They didn’t burn out, but a lot of the more popular artists on the rock scene burned out. There was a lot of fame, and fame really does destroy you. The blues guys didn’t really get that, but, of course, people like Buddy Guy and some other artists now have it. Back in the day, blues was very much an acquired taste, like jazz and bebop. And if the artist keeps under the radar, they are not beguiled by success. They keep putting out good product, and they keep the interest up.

And that’s what happened with the blues and the jazz people I listened to. Having said that, for the greats, it doesn’t matter — B.B. King, George Benson, Buddy Guy — there are some who transcend everything. They’re great no matter how popular they are.

There’s no doubt about it, though — over the course of a career as long as this one I have, you’re going to let yourself down, and let your followers down. There’s going to be times when that happens. But at a time like this, when people like you respond to the new album in this way, it’s cool. It’s a nice feeling.

Mettler: Well, if there’s one word to describe your career, Kim, it’s integrity. It’s something that’s always come across in the music you make and how you play onstage.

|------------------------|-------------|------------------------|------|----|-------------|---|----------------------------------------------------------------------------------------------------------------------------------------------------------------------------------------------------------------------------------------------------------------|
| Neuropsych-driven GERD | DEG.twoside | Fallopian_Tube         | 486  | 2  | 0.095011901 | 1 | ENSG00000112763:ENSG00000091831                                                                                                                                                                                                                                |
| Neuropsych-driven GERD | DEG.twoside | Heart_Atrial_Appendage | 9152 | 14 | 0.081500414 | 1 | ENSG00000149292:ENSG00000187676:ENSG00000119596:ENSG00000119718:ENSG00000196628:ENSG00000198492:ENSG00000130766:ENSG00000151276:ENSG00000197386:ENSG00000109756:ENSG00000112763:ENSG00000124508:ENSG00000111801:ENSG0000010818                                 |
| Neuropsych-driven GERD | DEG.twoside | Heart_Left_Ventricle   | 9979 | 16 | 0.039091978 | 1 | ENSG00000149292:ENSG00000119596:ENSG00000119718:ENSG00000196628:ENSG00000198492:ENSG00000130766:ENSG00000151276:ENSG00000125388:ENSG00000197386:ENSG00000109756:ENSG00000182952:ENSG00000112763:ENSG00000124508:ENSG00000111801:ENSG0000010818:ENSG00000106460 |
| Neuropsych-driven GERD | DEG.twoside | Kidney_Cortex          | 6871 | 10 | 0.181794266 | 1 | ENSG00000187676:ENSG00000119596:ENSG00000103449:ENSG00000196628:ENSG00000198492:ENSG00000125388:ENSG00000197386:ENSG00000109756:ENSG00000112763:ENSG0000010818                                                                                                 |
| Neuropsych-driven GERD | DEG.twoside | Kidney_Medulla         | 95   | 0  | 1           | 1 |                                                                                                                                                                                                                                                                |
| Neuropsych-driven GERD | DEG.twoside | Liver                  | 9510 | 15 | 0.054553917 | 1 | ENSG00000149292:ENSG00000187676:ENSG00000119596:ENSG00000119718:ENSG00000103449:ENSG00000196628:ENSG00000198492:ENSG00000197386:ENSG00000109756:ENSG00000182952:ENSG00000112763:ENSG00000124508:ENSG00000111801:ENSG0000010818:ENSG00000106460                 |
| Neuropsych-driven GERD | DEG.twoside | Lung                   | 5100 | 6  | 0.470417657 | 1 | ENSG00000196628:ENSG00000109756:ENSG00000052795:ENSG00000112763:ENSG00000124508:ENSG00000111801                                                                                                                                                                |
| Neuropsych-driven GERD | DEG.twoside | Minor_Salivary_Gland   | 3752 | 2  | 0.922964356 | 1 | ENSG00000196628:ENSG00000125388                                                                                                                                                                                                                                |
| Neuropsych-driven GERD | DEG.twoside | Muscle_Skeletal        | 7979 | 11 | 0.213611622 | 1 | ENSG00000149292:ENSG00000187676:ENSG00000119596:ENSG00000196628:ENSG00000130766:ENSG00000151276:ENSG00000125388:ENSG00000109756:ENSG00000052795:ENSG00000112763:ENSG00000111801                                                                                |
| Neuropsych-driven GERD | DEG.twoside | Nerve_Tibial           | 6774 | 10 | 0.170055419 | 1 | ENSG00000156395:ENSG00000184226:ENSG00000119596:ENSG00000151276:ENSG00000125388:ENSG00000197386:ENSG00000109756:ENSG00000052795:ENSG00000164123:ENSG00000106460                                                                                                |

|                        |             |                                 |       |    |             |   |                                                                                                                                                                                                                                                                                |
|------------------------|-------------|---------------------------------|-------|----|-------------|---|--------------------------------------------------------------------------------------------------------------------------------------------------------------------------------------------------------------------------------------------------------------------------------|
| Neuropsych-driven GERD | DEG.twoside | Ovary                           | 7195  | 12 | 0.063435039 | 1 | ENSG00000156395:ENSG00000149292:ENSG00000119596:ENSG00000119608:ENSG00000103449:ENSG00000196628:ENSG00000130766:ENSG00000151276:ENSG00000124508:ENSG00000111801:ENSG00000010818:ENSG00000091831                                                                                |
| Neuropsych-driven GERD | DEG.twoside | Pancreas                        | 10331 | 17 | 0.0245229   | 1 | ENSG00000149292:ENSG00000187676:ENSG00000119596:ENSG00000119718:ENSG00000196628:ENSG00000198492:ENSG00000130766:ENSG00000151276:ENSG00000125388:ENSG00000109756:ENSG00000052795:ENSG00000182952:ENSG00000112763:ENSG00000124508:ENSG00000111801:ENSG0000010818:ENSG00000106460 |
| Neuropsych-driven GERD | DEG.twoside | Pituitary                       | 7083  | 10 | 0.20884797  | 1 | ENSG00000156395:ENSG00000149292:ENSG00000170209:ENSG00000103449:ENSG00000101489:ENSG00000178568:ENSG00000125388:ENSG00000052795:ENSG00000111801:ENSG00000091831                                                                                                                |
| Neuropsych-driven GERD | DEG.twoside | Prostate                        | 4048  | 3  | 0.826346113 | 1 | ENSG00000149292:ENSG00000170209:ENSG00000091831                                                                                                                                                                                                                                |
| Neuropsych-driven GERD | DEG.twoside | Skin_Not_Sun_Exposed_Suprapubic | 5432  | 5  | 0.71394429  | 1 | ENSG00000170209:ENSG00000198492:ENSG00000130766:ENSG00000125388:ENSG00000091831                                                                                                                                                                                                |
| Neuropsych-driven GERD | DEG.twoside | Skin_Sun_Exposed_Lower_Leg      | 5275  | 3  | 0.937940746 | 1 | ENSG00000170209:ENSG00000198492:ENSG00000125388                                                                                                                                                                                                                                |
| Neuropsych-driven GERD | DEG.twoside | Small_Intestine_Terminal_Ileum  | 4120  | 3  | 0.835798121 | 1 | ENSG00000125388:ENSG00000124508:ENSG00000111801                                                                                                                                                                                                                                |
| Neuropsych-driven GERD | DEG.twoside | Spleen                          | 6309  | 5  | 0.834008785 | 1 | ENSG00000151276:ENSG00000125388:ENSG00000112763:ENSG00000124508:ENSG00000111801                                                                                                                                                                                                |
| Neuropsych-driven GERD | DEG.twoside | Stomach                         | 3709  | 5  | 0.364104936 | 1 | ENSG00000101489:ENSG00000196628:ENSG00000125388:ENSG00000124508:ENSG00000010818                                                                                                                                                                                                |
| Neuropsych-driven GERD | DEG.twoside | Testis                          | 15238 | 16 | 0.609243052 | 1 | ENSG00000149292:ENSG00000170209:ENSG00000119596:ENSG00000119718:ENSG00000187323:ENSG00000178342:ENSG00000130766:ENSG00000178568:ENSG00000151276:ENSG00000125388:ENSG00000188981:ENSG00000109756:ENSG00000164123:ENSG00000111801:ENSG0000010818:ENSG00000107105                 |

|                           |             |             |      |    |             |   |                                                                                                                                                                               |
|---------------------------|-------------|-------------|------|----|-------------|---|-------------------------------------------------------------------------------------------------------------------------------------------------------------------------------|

Simmonds: Right, and I think that’s the beauty of when I started to listen to music real seriously, when I was young. It was the honesty in blues music. I always look for that, period, in music. There’s so much glam and glitter, and I think many young people say, “I don’t want that. I want something more real.” When I was listening to the blues in the early ’60s, I thought, “Wow, this is music that seems to be honest — and it IS honest, and it always will be honest.”

And it felt good. You’re giving it your time, your emotion, your money, your energy — you’re investing in music, and you’re investing in an artist. And that comes back to Buddy Guy, where you’re investing in the music and in the person, and they don’t let you down. It’s a very, very nice feeling.

So if anybody feels that with Savoy Brown music — that’s the main thing, really. You try to reflect a little bit of what you got from other artists, when you get down to it.